Web Democracy

hddvd-bluray2.jpgIn case you haven’t been paying attention, the Web 2.0 revolution is well underway. Hyper-connected consumers now have the power to influence the way companies do business, apply significant pressure on political issues, and even challenge censorship and legal precident.

No one understands that more than Digg’s founder, Kevin Rose. Last week, the encryption used for HD DVD and Blu Ray (AACS,) was cracked and the processing key was leaked all over the internet. Lawyers were slow to respond, but eventually issued cease and desist notices. When Digg received their notice, the began pulling stories that mentioned the key. As soon as users noticed that their stories were being pulled, they began resubmitting them. Eventually, the first four pages on their site were almost entirely about the processing key.

So if you are Kevin Rose, a guy responsible for an influential and popular tool thats all about “user-powered content”, what do you do? What Mr. Rose decided to do was to be true to what his consumers wanted. He stopped fighting them and made the following blog post: http://blog.digg.com/?p=74

Digg This: 09-f9-11-02-9d-74-e3-5b-d8-41-56-c5-63-56-88-c0
by Kevin Rose at 9pm, May 1st, 2007 in Digg Website

Today was an insane day. And as the founder of Digg, I just wanted to post my thoughts…

In building and shaping the site I’ve always tried to stay as hands on as possible. We’ve always given site moderation (digging/burying) power to the community. Occasionally we step in to remove stories that violate our terms of use (eg. linking to pornography, illegal downloads, racial hate sites, etc.). So today was a difficult day for us. We had to decide whether to remove stories containing a single code based on a cease and desist declaration. We had to make a call, and in our desire to avoid a scenario where Digg would be interrupted or shut down, we decided to comply and remove the stories with the code.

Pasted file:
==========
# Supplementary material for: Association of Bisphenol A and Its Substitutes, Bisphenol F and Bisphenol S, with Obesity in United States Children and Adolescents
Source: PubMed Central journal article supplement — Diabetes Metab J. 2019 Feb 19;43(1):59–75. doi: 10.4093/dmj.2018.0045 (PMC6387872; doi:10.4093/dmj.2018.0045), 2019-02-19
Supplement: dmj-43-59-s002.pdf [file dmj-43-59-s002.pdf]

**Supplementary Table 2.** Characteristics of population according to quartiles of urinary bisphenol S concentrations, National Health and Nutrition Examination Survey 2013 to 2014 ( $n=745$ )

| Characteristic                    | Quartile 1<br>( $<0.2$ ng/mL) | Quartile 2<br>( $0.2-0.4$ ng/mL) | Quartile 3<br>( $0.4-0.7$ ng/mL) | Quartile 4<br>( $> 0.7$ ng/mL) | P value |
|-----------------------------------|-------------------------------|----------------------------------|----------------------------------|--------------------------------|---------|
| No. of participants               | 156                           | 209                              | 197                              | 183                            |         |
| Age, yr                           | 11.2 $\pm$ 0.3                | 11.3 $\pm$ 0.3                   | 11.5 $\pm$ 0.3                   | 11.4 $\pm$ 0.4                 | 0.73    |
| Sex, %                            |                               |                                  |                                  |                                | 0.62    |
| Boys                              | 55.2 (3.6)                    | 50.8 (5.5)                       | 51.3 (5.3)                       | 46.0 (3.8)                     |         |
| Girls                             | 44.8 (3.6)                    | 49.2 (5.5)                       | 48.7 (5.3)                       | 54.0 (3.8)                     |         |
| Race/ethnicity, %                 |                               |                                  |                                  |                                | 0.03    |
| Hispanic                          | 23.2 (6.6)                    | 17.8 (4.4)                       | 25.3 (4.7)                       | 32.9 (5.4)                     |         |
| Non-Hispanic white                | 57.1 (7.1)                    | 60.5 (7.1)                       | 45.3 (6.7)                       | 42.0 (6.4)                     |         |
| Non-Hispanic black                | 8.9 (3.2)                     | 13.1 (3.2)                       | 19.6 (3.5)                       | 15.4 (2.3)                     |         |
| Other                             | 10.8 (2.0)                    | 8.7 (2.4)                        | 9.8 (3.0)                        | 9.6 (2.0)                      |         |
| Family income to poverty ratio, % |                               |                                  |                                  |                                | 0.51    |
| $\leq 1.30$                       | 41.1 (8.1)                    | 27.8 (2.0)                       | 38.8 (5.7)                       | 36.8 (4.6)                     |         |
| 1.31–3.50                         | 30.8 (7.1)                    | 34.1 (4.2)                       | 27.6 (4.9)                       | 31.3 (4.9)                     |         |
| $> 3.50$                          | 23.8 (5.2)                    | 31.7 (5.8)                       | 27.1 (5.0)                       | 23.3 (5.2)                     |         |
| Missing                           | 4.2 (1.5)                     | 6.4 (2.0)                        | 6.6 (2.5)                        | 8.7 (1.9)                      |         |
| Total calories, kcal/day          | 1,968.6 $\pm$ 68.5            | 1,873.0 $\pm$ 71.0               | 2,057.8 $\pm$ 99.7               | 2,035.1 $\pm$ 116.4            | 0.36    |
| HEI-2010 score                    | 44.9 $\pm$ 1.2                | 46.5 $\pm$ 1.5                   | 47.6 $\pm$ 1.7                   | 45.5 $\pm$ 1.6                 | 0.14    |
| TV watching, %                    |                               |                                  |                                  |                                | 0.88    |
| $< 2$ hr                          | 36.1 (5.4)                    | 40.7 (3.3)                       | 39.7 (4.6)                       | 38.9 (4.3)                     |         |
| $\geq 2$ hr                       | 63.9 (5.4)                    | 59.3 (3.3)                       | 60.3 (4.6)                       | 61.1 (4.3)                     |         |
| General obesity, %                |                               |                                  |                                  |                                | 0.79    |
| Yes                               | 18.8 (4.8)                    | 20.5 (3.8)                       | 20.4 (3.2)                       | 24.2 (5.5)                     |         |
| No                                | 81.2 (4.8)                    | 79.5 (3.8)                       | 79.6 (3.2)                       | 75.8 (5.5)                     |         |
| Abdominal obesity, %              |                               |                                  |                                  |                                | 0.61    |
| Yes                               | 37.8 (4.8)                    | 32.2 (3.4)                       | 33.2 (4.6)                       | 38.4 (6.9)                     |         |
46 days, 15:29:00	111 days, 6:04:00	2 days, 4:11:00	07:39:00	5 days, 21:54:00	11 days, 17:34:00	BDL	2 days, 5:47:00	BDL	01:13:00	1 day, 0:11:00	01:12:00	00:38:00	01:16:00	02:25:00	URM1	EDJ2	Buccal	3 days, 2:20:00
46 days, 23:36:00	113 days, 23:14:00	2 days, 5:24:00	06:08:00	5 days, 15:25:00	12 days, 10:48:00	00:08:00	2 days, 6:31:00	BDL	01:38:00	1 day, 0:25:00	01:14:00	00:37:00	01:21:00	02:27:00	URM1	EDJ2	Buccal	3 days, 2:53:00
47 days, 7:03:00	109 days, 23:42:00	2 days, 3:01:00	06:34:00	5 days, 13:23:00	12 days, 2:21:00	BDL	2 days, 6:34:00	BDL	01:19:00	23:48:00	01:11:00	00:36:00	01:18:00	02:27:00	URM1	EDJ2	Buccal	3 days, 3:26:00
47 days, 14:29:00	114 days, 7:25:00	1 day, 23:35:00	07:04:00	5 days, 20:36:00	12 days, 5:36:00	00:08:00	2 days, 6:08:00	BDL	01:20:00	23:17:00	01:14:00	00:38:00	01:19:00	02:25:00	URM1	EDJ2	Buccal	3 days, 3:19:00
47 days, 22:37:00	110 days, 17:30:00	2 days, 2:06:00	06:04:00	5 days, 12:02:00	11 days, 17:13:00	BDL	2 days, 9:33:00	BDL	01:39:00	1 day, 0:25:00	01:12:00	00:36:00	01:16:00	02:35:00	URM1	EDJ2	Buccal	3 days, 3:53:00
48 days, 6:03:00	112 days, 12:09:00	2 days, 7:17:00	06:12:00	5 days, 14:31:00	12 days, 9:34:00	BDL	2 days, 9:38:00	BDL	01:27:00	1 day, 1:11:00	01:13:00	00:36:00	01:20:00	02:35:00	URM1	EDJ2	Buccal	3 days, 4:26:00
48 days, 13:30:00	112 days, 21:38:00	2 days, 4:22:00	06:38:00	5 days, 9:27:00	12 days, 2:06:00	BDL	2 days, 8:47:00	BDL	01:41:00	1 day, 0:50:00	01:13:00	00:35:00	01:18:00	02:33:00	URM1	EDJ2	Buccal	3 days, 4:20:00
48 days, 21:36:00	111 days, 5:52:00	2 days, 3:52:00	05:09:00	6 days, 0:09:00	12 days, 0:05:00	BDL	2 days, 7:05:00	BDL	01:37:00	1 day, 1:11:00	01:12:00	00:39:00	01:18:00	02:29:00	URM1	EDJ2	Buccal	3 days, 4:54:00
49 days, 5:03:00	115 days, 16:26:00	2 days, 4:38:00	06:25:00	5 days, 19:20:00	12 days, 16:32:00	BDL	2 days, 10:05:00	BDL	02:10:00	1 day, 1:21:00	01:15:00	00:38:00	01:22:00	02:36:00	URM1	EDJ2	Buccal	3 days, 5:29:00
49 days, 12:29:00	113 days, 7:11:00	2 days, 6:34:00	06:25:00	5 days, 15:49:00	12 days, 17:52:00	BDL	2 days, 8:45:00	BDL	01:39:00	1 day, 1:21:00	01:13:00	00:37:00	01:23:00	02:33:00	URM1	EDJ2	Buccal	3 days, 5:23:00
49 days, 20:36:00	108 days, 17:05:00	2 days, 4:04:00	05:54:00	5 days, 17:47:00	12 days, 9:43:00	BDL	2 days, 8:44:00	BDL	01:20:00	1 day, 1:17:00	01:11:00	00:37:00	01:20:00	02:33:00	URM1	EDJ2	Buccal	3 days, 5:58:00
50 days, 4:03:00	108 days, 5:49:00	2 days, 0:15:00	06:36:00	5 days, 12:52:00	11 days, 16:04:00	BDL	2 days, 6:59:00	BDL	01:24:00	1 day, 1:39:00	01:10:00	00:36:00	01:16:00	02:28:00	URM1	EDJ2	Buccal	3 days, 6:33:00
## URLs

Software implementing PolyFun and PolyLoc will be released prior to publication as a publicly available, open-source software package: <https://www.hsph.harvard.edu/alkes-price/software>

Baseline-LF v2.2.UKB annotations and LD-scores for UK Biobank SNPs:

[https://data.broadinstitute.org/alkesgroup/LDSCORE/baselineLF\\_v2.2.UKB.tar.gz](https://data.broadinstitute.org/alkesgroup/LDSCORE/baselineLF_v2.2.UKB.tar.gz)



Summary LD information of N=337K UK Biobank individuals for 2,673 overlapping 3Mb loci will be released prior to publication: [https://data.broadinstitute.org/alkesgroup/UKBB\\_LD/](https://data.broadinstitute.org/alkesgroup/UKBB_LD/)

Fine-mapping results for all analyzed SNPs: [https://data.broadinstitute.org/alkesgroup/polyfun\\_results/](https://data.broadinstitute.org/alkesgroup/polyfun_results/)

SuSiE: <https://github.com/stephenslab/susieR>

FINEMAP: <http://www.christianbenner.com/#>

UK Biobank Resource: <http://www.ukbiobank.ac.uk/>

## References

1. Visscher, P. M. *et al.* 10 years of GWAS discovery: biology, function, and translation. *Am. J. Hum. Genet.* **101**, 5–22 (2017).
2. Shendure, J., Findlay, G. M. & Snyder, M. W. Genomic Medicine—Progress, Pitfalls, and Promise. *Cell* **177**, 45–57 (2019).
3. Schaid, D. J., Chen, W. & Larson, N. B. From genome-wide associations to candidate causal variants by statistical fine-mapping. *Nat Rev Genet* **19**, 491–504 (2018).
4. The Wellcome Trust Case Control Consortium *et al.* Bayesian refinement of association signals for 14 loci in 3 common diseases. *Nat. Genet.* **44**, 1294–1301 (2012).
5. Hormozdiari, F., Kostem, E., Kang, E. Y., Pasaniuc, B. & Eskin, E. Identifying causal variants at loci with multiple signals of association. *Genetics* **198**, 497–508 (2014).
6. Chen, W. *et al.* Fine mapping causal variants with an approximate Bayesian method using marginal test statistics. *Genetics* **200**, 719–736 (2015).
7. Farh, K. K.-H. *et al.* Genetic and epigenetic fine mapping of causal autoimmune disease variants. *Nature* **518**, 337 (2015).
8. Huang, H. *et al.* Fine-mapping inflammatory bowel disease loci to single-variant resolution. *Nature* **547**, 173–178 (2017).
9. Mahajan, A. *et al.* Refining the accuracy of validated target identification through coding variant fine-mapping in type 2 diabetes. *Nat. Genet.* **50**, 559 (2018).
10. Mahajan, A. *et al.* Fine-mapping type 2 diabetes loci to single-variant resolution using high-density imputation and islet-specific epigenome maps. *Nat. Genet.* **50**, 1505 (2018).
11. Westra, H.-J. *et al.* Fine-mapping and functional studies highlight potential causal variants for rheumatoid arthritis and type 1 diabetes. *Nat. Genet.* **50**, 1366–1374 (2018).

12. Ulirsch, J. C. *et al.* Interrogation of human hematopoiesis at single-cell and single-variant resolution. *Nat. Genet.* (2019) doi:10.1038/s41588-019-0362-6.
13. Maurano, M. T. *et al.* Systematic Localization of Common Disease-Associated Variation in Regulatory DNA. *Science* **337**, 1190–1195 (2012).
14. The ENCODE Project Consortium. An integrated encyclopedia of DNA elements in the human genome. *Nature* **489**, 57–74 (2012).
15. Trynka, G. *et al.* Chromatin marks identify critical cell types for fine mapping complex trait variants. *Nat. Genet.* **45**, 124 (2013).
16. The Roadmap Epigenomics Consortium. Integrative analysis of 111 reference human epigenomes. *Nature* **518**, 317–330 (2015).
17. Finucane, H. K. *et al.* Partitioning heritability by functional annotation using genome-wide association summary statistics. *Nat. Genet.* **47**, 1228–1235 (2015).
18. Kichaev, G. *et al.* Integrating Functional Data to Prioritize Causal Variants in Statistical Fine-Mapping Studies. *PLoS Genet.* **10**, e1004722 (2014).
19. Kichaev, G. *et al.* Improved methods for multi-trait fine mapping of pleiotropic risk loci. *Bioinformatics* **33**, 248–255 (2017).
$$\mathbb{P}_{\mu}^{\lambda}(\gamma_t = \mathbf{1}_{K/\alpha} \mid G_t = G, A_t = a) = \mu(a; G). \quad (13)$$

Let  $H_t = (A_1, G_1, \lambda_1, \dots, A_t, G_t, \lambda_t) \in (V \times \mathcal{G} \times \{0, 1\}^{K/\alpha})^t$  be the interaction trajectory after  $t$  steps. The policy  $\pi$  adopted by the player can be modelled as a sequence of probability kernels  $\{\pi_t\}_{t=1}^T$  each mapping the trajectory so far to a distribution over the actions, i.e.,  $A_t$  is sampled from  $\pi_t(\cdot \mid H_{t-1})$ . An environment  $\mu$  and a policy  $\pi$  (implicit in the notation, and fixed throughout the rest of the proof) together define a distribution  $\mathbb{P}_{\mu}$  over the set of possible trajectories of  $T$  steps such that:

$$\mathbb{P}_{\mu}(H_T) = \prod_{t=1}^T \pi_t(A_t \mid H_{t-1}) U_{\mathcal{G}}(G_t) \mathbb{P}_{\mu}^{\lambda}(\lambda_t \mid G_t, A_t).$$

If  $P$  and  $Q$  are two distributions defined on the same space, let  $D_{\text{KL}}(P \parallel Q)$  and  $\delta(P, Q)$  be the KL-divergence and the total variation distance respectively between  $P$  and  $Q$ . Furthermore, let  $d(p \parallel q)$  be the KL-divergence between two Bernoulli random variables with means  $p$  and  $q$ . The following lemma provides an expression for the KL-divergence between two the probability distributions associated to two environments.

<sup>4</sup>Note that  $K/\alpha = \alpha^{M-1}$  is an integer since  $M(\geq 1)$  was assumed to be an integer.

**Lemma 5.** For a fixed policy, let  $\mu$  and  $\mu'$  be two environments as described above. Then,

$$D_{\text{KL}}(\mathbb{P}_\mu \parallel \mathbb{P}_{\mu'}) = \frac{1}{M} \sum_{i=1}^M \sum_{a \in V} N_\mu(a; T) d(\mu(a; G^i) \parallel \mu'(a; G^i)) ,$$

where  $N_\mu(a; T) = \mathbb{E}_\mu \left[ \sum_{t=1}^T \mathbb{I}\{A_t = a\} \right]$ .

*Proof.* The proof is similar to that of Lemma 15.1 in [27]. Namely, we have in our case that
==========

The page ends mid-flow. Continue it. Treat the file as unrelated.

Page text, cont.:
But now, after seeing hundreds of stories and reading thousands of comments, you’ve made it clear. You’d rather see Digg go down fighting than bow down to a bigger company. We hear you, and effective immediately we won’t delete stories or comments containing the code and will deal with whatever the consequences might be.

If we lose, then what the hell, at least we died trying.

At the end of the day, the average person reading Digg is not going to have the software or the expertise to make use of the cracked code.  On the other hand, they clearly have the power to affect outcomes in ways unimaginable just a few years ago.

Power to the people!

<via ThreeMinds>

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